Plainfield, Illinois facts for kids
Village Hall in Plainfield, Illinois
|Official name: Village of Plainfield|
|Township||Plainfield (Will Co.)
Wheatland (Will Co.)
Na-Au-Say (Kendall Co.)
Oswego (Kendall Co.)
|Area||24.20 sq mi (63 km²)|
|- land||23.22 sq mi (60 km²)|
|- water||0.98 sq mi (3 km²)|
|Population||41,734 (2013 US Census Estimate)|
|- summer (DST)||CDT (UTC-5)|
|Postal code||60544, 60585, 60586|
|Area code||815 and 779|
|Wikimedia Commons: Plainfield, Illinois|
The village includes land in Plainfield and Wheatland townships. Part of Plainfield is located in Kendall County (Na-Au-Say and Oswego townships). With the growth in the Chicago suburbs in the 1990s and 2000s, the village has seen a population increase, from 4,500 in 1990 to 28,000 in 2000 to over 37,000 in 2007.
The village has established a community Preservation Commission and historic preservation ordinance. It is the home of the Lake Renwick Preserve, a county forest preserve used for birdwatching and other activities.
The area was called Walkers' Grove until it was platted as Plainfield in 1841. It was originally settled by a large community of Potawatomi, and the land was later bequeathed to the United States as part of the Treaty of St. Louis (1816) with the Council of the Three Fires. Indian Boundary Road aligns with the western border of the tract of land originally ceded.
The earliest Europeans in the area were French fur traders. The first European settler in the area was James Walker, who traveled with his father-in-law, Methodist Reverend Jessie Walker traveled here in 1826 where he established a small mission for the Potawatomi Indians. James Walker, Jesse Walker's son-in-law, traveled with him and became the first European to claim land in the area in 1828.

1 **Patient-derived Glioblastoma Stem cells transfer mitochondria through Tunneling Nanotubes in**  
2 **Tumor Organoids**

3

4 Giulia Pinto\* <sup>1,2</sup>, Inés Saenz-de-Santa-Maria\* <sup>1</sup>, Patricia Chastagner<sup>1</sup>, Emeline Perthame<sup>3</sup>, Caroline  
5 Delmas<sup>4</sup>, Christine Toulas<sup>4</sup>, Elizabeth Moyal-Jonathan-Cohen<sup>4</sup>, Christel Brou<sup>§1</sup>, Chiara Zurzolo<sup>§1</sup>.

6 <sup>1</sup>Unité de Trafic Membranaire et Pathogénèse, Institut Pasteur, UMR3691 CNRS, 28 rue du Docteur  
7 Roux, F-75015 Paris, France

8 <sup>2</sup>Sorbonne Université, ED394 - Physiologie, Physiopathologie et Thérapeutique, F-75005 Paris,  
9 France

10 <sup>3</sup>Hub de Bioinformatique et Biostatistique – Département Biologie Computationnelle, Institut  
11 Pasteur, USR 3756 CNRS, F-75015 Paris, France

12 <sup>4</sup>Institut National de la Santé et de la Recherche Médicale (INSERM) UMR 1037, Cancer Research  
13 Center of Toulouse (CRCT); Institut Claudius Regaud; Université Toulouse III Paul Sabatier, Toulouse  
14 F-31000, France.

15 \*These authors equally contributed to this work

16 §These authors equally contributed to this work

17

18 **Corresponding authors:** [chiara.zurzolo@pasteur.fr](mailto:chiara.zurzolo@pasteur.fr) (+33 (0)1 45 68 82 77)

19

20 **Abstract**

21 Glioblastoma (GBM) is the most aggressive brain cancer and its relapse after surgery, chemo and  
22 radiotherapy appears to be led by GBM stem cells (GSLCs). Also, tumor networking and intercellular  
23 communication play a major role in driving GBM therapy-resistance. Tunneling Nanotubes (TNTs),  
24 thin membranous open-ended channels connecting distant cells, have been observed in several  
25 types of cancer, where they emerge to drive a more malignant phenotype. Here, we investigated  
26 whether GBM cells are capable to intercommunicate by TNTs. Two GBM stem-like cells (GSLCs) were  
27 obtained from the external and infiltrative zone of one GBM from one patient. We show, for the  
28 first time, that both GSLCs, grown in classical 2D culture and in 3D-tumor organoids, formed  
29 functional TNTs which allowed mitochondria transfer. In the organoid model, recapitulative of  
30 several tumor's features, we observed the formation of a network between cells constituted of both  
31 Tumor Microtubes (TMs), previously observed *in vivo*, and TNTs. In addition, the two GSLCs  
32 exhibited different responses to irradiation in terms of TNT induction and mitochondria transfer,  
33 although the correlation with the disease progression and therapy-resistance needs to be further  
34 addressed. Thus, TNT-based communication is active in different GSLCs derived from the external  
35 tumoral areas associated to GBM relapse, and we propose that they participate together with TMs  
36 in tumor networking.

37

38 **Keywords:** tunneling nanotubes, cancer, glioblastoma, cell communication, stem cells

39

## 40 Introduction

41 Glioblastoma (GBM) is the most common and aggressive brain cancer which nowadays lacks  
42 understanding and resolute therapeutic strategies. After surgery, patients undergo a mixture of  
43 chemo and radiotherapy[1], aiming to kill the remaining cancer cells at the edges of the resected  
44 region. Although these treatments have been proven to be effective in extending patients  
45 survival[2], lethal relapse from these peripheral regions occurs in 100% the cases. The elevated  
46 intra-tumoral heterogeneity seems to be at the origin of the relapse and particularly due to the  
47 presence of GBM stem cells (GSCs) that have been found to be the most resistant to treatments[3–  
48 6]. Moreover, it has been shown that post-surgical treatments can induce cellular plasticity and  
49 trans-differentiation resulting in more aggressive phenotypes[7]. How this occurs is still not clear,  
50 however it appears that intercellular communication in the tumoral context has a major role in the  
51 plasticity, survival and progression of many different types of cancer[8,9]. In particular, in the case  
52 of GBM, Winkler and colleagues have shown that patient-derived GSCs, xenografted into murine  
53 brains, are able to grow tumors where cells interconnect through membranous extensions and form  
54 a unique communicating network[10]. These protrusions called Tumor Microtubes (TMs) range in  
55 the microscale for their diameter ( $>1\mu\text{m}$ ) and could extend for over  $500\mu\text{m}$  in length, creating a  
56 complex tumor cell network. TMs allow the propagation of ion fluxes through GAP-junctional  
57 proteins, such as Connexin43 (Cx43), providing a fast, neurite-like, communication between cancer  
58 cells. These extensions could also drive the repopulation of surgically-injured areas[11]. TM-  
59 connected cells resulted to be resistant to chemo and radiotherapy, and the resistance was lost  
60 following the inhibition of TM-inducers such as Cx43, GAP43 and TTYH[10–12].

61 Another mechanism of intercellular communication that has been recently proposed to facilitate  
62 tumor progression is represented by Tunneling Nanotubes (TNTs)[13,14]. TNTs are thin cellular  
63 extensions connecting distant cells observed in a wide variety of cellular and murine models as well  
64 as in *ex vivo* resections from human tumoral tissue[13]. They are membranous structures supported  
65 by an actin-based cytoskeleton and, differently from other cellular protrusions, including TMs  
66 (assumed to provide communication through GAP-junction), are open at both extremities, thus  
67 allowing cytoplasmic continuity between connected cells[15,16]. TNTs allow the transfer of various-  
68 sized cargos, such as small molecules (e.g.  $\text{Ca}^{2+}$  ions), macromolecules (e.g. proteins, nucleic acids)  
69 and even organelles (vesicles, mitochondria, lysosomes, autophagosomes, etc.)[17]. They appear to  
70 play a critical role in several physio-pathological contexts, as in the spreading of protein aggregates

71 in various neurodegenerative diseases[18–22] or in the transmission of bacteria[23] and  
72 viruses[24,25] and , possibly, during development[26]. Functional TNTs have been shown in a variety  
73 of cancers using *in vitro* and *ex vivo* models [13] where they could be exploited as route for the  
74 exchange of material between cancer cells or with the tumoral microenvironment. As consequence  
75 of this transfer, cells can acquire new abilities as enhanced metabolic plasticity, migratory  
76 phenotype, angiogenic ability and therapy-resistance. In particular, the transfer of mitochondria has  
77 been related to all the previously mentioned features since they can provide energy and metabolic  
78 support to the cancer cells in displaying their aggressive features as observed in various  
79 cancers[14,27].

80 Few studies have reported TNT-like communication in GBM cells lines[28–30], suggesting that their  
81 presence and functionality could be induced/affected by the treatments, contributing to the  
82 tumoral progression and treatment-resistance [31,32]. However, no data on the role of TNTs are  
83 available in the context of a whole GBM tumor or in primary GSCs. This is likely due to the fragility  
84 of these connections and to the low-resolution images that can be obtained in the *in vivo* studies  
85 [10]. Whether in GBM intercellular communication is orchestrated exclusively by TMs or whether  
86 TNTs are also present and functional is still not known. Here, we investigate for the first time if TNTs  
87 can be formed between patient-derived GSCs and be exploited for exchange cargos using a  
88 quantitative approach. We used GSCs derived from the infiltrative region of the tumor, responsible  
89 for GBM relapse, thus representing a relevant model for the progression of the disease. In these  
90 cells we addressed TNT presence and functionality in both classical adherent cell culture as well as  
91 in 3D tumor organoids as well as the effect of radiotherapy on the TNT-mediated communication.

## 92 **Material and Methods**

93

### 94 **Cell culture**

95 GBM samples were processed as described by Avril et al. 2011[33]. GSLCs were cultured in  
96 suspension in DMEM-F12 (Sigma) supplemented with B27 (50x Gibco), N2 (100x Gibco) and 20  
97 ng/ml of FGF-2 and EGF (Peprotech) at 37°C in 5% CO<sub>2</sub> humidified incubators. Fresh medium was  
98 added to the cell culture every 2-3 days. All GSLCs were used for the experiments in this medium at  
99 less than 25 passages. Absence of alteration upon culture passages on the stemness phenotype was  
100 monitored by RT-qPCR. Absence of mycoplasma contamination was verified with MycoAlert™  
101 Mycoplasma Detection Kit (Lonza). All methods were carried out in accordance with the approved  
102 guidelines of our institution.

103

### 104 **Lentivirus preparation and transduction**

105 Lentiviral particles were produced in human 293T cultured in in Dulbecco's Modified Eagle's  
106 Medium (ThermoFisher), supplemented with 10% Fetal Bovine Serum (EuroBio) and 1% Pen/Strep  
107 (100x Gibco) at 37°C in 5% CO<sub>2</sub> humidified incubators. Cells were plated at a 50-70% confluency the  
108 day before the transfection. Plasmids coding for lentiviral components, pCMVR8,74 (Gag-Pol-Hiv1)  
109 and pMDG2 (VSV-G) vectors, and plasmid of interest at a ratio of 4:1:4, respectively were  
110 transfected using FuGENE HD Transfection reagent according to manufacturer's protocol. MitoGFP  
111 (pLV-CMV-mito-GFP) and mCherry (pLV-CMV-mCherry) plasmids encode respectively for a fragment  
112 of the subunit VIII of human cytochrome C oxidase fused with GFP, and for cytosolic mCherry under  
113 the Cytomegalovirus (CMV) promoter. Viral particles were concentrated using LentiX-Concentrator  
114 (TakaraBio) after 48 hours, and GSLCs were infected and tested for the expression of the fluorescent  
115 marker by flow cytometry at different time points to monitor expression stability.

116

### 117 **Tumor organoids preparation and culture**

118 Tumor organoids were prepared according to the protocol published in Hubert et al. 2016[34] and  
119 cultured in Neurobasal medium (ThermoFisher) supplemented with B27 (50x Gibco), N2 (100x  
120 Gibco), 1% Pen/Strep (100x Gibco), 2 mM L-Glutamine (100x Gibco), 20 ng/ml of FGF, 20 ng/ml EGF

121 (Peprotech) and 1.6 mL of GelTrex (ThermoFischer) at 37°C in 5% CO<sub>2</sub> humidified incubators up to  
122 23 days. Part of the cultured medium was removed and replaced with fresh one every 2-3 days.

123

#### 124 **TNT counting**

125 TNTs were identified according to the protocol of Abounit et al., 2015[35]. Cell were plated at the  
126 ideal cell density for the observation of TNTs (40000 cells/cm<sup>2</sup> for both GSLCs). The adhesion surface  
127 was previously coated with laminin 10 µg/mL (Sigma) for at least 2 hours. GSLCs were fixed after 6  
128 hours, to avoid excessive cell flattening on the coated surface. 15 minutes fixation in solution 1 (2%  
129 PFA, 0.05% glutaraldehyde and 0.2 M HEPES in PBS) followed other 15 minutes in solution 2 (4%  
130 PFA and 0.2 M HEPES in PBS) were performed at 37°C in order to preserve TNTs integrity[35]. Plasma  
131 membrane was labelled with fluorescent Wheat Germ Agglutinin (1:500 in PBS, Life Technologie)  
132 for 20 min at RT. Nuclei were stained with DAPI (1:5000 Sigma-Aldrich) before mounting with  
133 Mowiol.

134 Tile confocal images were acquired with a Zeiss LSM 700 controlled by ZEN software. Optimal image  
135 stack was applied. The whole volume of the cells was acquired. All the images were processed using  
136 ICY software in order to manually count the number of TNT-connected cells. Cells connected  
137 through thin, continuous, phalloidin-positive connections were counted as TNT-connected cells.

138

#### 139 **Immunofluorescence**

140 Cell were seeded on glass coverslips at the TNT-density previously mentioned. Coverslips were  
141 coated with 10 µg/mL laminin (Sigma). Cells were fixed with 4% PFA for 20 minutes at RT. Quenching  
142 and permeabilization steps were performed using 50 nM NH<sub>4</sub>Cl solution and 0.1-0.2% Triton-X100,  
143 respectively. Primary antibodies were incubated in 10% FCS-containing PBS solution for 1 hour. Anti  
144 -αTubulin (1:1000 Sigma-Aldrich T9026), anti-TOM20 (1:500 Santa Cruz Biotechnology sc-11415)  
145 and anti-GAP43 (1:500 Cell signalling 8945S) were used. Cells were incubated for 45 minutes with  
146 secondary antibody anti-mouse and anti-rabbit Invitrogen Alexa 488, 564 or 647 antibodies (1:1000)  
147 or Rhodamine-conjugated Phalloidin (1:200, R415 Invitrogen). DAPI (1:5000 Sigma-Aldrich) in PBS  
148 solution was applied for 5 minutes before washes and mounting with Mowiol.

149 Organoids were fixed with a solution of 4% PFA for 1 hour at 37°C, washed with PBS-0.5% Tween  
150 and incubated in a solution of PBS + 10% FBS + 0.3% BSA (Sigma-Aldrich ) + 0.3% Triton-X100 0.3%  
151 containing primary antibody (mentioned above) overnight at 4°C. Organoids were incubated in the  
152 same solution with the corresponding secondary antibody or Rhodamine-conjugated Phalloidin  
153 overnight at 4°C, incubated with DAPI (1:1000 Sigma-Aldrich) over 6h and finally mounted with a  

In 1828, James Walker, in the company of several men, erected a sawmill around which the settlement of Walkers' Grove developed.
Plainfield is identified as the oldest community in Will County because the earliest settlement of Walkers' Grove was established on the banks of the DuPage River by 1828. However, the actual Village of Plainfield was platted immediately north of Walkers' Grove in 1834 by Chester Ingersoll. The separate community of East Plainfield was platted in June 1836 by James Mathers who began selling lots in July 1836. In addition he also constructed a gristmill and a mill race west of Water Street. Water Street would later become Plainfield-Naperville Road. Ingersoll's Planefield (Plainfield)which comprised lots in Section 16, along with Mather's East Plainfield lots in Section 10 and Levi Arnold's plat of Section 9 all became joined to create the present-day village after the death of Levi Arnolds in 1845.
Walkers' Grove flourished because of the DuPage River and established routes to Fort Dearborn in Chicago, as well as to Ottawa. Reuben Flagg hauled lumber from Walker's mill to Chicago in order to erect the first two frame structures in the city (P.F.W. Peck House and the George Dole Forwarding House). Chicago also depended upon the settlement for mail and supplies.
The community's early prosperity was stunted when the Illinois & Michigan Canal opened in 1848, because the Village was not located along the canal. Located within the Village are numerous Greek Revival, upright-and-wing cottages, a school built in 1847, and a number of early-19th-century homes. Plainfield currently has three buildings listed on the National Register of Historic Places: Plainfield House, Flanders House and a 1928 Standard Oil Gas Station.
Plainfield abolitionists offered food and shelter to runaway slaves following the Underground Railroad.
North Central College was first founded in the village in 1861 as Plainfield College.
Plainfield Public Library District was first founded in the village in 1925 as the Nimmons Village of Plainfield Free Public Library.
Plainfield is also the birthplace of Eddie Gardner, one of the pilots credited with establishing the transcontinental air mail routes for the United States Postal Service. The earliest architects associated with buildings in Plainfield are J.E. Minott of Aurora; G. Julian & John Barnes of Joliet; and Herbert Cowell of Joliet and Plainfield.